US 3137656 A
Description (OCR text may contain errors)
United States Patent METHOD FOR PREPARING 1 ROCRACKING CATALYSTS This invention relates to the preparation of catalysts for the conversion of hydrocarbons, and more particularly, to a method of preparing high activity hydrocracking catalysts.
As is well known to those skilled in the petroleum refining art, hydrocracking is a reaction wherein mixtures of hydrocarbons are converted to lower boiling products in the presence of added hydrogen and a catalyst at elevated temperature and pressure. One of the major lines of development that has occurred in the hydrocracking field has been the employment of catalysts comprising acidic supports having a hydrogenating component disposed thereon, and it is to this type of conversion process that the catalyst of the present invention has particular utility.
It has now been found that superior, highly active hy drocracking catalysts can be prepared by a particular sequence of preparation steps involving a combination of heat treating and haliding under critical conditions.
According to the present invention, high activity hydrocarbon conversion catalysts are prepared by a method that comprises impregnating an active siliceous cracking support with from about 1 to 35 percent by Weight of nickel and/ or cobalt, heat treating the catalyst resulting from such impregnation at a temperature in the range of from about 1200 to 1600 F. while said nickel and/or cobalt is substantially in the oxidized form, and subsequently contacting such heat-treated catalyst with at least one anhydrous halide of a concentration such that at least 0.5 weight percent of the final catalyst is composed of at least one halide.
The support employed in the catalyst preparation of the present invention, herein referred to as an active siliceous cracking support includes any natural or synthetic siliceous composition of acid character which is efiective for the cracking of hydrocarbons and which contains at least about 40 percent by weight of silica, calculated as SiO Illustrative of the cracking supports that can be employed are those natural cracking catalysts such as bentonite and kaolin clays, and the conventional synthetic catalysts such as silica-alumina, silica-magnesia, silica-zirconia, and silica-alumina-zirconia. In addition, satisfactory supports are the synthetic metal aluminum silicates (such as the syntheic chabazites commonly referred to as molecular sieves) that impart the necessary cracking activity to the catalyst. A preferred active siliceous component for use in the catalyst of this invention is comprised of synthetically prepared composites of silica and alumina containing from 70 to 99 percent of the silica component.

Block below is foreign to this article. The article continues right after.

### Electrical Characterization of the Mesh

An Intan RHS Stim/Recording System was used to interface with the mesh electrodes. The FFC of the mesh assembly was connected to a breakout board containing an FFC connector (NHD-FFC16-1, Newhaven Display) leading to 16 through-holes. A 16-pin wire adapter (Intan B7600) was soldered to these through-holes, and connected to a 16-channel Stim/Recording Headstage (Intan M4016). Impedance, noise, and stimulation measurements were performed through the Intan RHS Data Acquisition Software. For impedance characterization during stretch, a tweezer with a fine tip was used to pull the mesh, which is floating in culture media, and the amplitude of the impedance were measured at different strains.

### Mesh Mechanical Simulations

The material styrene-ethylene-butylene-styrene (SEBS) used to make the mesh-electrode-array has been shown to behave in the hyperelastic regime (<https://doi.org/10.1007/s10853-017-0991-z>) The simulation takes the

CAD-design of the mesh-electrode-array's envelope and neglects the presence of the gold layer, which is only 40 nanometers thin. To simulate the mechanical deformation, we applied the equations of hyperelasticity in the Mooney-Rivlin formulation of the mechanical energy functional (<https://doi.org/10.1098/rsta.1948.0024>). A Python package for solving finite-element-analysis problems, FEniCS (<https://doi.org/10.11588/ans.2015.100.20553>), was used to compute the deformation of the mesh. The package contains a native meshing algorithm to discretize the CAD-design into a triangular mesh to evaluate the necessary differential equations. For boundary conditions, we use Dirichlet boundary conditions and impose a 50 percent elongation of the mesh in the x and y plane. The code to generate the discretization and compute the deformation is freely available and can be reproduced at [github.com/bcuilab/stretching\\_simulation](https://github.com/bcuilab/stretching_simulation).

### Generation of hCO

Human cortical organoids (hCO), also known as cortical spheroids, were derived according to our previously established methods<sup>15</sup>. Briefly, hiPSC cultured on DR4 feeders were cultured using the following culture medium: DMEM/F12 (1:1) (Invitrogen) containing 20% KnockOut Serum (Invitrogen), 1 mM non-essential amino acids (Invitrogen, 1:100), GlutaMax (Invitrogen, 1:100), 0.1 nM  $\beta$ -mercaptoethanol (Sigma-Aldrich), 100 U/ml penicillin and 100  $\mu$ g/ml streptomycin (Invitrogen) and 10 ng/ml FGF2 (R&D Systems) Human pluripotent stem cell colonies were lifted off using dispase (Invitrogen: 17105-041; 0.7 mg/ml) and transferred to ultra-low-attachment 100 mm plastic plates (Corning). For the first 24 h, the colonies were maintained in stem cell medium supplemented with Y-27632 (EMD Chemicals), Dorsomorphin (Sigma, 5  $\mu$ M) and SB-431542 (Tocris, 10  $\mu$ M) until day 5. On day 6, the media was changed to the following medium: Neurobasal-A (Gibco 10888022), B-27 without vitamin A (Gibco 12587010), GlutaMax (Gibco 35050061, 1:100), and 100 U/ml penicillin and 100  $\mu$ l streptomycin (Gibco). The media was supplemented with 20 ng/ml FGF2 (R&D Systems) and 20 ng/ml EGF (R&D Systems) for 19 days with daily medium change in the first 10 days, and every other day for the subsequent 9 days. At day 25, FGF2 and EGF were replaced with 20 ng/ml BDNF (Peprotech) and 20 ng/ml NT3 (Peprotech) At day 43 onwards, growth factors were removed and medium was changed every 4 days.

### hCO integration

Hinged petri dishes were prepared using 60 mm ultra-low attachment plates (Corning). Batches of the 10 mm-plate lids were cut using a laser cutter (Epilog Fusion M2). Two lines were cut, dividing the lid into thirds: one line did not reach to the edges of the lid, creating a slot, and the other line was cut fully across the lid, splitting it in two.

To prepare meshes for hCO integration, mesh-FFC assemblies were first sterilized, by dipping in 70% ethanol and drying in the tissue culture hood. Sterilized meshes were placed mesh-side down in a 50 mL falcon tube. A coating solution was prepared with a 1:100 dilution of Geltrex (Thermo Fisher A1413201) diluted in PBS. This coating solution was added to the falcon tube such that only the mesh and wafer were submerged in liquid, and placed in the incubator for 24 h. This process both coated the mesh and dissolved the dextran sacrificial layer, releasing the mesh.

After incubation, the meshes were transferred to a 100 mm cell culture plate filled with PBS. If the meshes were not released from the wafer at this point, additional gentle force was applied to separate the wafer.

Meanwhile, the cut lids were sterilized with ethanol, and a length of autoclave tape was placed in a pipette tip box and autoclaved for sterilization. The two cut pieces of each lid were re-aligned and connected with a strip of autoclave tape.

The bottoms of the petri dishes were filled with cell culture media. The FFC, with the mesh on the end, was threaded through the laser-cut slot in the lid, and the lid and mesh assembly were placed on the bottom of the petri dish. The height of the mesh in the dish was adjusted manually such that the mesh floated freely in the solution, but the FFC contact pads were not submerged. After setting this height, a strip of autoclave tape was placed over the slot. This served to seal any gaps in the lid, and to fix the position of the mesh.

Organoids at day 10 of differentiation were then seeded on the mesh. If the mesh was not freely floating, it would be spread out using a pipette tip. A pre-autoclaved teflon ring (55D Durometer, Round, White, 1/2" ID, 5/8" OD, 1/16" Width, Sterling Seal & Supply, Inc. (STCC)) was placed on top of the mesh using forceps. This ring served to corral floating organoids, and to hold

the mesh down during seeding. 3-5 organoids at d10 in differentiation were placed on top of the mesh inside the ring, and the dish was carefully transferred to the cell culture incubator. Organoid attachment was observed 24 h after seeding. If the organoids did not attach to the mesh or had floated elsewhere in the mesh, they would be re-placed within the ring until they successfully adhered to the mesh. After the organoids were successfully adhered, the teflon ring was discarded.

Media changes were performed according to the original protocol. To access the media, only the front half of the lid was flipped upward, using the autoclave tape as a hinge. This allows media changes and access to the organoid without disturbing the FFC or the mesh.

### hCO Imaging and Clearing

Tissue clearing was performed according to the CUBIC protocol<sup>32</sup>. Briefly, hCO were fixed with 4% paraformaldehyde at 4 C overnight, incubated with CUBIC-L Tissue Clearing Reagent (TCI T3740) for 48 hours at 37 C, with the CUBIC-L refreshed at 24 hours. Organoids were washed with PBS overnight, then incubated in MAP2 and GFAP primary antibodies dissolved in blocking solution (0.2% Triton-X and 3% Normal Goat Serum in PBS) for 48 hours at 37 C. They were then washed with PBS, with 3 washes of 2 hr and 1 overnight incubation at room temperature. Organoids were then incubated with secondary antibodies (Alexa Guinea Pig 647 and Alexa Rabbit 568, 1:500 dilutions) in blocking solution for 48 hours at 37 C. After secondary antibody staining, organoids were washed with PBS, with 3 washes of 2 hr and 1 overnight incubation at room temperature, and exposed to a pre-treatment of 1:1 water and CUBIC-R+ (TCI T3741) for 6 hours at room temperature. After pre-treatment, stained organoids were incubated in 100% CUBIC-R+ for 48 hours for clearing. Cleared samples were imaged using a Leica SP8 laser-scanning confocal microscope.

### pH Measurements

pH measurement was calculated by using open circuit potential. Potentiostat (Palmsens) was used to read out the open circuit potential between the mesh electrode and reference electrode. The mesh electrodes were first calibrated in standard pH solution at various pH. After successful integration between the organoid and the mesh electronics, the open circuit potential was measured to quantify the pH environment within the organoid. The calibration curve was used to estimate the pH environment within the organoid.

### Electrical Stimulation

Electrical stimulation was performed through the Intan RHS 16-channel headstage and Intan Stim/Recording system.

The above-noted siliceous cracking catalysts, which form the support of the present catalyst, can be prepared by any known method. For example, synthetic silicaalumina composites can be prepared by combining an aqueous solution of an aluminum salt, suitably adjusted in acidity with a solution of sodium silicate under such conditions that the corresponding gels are coprecipitated in intimate admixture. Or, silica gel and alumina gel can be separately prepared and then mixed in the desired proportions. Alternatively, a formed silica gel can be treated with an aqueous solution of an aluminum salt, and the alumina precipitated in the silica gel by the addition of a precipitant. In another method, the silicaalurnina can be prepared by first forming an acid-stabilized silica sol and then adding an adsorptive alumina to raise the pH and cause the gelation of the mixture.